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Hank Aaron, Hall of Famer and MLB legend, dies at 86

One of the greatest ever to play the game

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Atlanta Braves Outfielder Hank Aaron Holding Bat

Hall of Fame outfielder Hank Aaron died Friday at the age of 86, report Tim Kephart and Karyn Greer of CBS46 in Atlanta.

One of the all-time greats to ever play the game, Aaron’s 755 homers were the MLB career record for three decades before finally being surpassed. He’s still the all-time leader in RBI (2,297) and total bases (6,856), and ranks third in hits (3,771) and plate appearances (13,941) and fourth in runs scored (2,174). His career numbers over 23 seasons, in one of the largest bodies of work ever assembled, are still staggering.

Aaron, career: .305/.374/.555, 153, wRC+, 136.3 fWAR, 143.1 bWAR

His bWAR ranks fifth among position players (behind Bonds, Ruth, Mays, Cobb), and his fWAR is sixth (same group, plus Honus Wagner). As if his legendary bat wasn’t enough, he also chipped in 240 steals, and three Gold Gloves for his highly rated defense in right field.

Henry Louis Aaron debuted in the majors for the Milwaukee Braves in 1954, blasting 13 homers as a 20-year-old. He stayed with the Braves for 21 seasons, through the team’s move to Atlanta in 1966, and he earned NL MVP votes in 19 of them, including eight top-5 finishes. He won the award in 1957, and the Braves won the World Series that same year, with Aaron posting a 1.200 OPS in seven games; they went again in ‘58 but fell to the Yankees in seven games. He wrapped up his career with a return to Milwaukee, playing two years for the newly created Brewers in their first decade of existence.

He was an All-Star in 21 consecutive seasons, the longest streak in any of the four major North American pro sports. Since that span included four seasons in which two Midsummer Classics were played each year, he was technically a 25-time All-Star, the most in MLB history.

But perhaps the best measure of his longevity can be seen in the home run department. He cracked double-digit homers in every season of his career, including 20 at age 40, and another 10 in his final year at age 42. He topped 40 in eight summers, at least 30 on 15 occasions, and at least 20 in 20 campaigns. And he did it all without striking out much, never once doing so 100 times in a season, and finishing his career with more walks than Ks overall.

When Aaron joined the Hall of Fame ballot, there was no question about his credentials. He sailed in on the first try with 97.8% of the vote, which at the time was a percentage that ranked second only to Ty Cobb. In 1999, MLB created the annual Hank Aaron Award to honor the best hitter in each league every season.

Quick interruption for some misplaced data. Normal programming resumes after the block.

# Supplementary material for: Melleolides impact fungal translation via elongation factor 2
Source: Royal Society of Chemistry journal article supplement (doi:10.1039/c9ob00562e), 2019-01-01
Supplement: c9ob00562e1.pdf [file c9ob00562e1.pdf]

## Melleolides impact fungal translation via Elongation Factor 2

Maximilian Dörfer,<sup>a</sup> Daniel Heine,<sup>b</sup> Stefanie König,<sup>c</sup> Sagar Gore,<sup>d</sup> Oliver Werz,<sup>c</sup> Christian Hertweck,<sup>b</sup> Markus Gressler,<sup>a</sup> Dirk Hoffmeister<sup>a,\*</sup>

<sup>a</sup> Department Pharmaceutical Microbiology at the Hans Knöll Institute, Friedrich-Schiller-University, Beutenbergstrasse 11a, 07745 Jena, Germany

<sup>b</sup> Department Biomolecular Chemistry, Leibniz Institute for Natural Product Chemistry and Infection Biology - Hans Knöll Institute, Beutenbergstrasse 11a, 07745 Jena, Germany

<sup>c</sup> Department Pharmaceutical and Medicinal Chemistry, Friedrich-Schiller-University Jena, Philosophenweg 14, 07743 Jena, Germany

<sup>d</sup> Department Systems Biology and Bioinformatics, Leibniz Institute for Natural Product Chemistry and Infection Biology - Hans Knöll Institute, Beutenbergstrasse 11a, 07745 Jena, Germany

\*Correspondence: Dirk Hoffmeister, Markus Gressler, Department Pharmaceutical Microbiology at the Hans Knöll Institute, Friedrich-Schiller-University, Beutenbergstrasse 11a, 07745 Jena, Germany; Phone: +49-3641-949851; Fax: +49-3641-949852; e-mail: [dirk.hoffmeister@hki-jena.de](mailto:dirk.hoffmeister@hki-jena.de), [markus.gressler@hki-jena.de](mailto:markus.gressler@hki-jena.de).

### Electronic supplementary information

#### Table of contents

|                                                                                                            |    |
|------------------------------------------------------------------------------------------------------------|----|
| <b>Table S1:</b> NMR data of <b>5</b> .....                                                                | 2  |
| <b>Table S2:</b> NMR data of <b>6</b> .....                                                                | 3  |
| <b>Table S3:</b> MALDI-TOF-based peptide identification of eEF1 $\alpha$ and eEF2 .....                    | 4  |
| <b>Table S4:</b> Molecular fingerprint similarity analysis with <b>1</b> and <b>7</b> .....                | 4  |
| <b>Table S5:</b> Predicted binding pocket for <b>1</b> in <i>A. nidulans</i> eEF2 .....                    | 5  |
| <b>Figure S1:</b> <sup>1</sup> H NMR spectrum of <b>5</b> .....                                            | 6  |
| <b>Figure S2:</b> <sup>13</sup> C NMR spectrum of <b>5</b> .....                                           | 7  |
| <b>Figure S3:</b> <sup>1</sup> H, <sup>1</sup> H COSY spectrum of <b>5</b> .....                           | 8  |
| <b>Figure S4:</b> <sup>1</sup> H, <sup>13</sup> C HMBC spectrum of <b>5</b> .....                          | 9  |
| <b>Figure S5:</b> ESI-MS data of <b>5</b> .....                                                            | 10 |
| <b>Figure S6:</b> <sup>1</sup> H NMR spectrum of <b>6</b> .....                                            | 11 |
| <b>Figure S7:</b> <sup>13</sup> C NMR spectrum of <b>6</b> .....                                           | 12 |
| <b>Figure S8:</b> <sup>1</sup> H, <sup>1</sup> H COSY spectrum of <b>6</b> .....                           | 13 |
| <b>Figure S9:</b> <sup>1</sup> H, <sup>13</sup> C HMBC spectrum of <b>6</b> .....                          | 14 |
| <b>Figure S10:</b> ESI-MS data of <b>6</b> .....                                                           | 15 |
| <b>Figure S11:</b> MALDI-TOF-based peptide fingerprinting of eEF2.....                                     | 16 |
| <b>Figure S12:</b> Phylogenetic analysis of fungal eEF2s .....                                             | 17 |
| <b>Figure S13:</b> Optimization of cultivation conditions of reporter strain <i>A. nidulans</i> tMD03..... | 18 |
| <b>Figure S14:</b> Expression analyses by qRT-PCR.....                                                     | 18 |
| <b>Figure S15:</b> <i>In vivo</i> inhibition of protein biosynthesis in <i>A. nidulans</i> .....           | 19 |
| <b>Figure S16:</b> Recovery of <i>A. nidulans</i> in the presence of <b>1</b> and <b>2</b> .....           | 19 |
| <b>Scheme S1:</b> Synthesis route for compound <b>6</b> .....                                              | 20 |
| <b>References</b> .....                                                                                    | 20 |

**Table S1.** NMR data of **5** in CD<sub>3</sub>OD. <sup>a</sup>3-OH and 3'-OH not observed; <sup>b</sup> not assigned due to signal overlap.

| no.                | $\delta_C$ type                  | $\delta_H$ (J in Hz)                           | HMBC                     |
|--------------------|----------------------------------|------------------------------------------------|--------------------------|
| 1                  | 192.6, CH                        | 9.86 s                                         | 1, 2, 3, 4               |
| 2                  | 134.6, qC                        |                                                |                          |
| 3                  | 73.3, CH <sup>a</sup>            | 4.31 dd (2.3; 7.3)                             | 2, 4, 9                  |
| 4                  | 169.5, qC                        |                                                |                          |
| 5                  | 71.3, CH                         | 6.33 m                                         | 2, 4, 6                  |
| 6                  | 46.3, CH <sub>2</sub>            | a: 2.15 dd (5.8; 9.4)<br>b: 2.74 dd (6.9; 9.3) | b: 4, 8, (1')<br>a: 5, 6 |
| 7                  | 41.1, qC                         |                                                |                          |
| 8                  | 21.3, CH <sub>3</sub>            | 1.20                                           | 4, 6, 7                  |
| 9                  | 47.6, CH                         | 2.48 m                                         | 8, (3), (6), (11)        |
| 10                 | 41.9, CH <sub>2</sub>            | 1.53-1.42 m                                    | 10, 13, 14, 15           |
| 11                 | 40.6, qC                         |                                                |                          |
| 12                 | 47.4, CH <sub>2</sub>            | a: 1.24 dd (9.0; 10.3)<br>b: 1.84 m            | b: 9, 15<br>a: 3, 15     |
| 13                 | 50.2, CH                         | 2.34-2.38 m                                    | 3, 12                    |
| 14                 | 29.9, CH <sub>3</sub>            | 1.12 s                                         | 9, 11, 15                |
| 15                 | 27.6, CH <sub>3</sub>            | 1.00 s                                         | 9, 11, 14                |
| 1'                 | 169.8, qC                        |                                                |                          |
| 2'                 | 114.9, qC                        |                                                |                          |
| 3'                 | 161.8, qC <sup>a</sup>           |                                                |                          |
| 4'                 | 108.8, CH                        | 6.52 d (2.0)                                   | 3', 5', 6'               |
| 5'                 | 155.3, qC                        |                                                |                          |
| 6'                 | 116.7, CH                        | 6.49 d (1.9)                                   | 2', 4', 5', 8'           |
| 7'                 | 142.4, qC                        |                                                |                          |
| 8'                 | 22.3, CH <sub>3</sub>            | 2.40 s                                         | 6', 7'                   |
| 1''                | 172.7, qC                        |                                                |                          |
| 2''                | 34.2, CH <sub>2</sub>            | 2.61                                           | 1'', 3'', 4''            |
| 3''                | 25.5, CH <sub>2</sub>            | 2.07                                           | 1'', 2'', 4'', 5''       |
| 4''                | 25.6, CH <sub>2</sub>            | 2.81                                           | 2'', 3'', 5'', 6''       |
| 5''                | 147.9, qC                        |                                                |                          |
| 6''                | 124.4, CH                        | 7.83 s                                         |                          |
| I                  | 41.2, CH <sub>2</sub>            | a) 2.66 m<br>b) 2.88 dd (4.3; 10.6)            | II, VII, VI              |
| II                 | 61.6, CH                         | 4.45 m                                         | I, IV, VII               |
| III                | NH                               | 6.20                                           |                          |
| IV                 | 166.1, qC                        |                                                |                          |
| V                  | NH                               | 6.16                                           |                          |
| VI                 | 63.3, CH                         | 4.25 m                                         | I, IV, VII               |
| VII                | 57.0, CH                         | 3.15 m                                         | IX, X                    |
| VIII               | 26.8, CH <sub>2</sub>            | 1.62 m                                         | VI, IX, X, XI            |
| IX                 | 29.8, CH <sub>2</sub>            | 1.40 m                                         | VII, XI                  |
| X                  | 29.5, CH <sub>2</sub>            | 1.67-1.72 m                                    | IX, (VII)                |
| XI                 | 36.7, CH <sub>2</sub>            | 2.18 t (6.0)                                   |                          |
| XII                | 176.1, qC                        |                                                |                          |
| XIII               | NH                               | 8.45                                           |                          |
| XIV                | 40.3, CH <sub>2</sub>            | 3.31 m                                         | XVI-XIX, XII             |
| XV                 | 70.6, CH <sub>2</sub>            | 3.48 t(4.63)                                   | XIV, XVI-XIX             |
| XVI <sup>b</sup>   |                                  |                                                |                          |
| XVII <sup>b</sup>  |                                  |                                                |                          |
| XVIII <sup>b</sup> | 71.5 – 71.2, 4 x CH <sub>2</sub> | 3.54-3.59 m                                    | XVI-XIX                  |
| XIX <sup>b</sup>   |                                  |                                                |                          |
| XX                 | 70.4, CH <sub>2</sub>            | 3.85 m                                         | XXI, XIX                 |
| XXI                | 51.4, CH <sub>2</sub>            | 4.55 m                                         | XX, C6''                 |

More links about Aaron’s career and stats:

Of course, the most enduring highlight of Aaron’s incredible career came on April 8, 1974, when he blasted a home run off Al Downing of the Los Angeles Dodgers. It was the 715th of his career, breaking Babe Ruth’s hallowed record.

Off the field, Aaron is remembered lovingly by all who knew him. Friday saw an outpouring of support from players, friends, and others all around the game, beginning with the Braves organization. (Click here for team’s official statement)

Fellow Hall of Famer Willie Mays, with whom Aaron played as a teammate in 22 All-Star Games

Former Braves teammate Dusty Baker

Fellow Braves Hall of Famer Chipper Jones

Current Braves MVP Freddie Freeman

Aaron is so beloved that even other sports are retiring his number

However, Aaron’s story can’t be told without the context of the racism he endured in mid-20th century America.

Aaron does also have one Oakland A’s connection, although he never played for the team and spent only two seasons in the American League — in 54 plate appearances against Oakland, he posted a .921 OPS and three homers, at ages 41-42.

Rather, it’s his nickname, Hammer, that intertwines with Athletics lore. Stanley Burrell, who worked for the A’s as a teenager in the 1970s, inherited the same moniker during his time with the team and later became known as MC Hammer.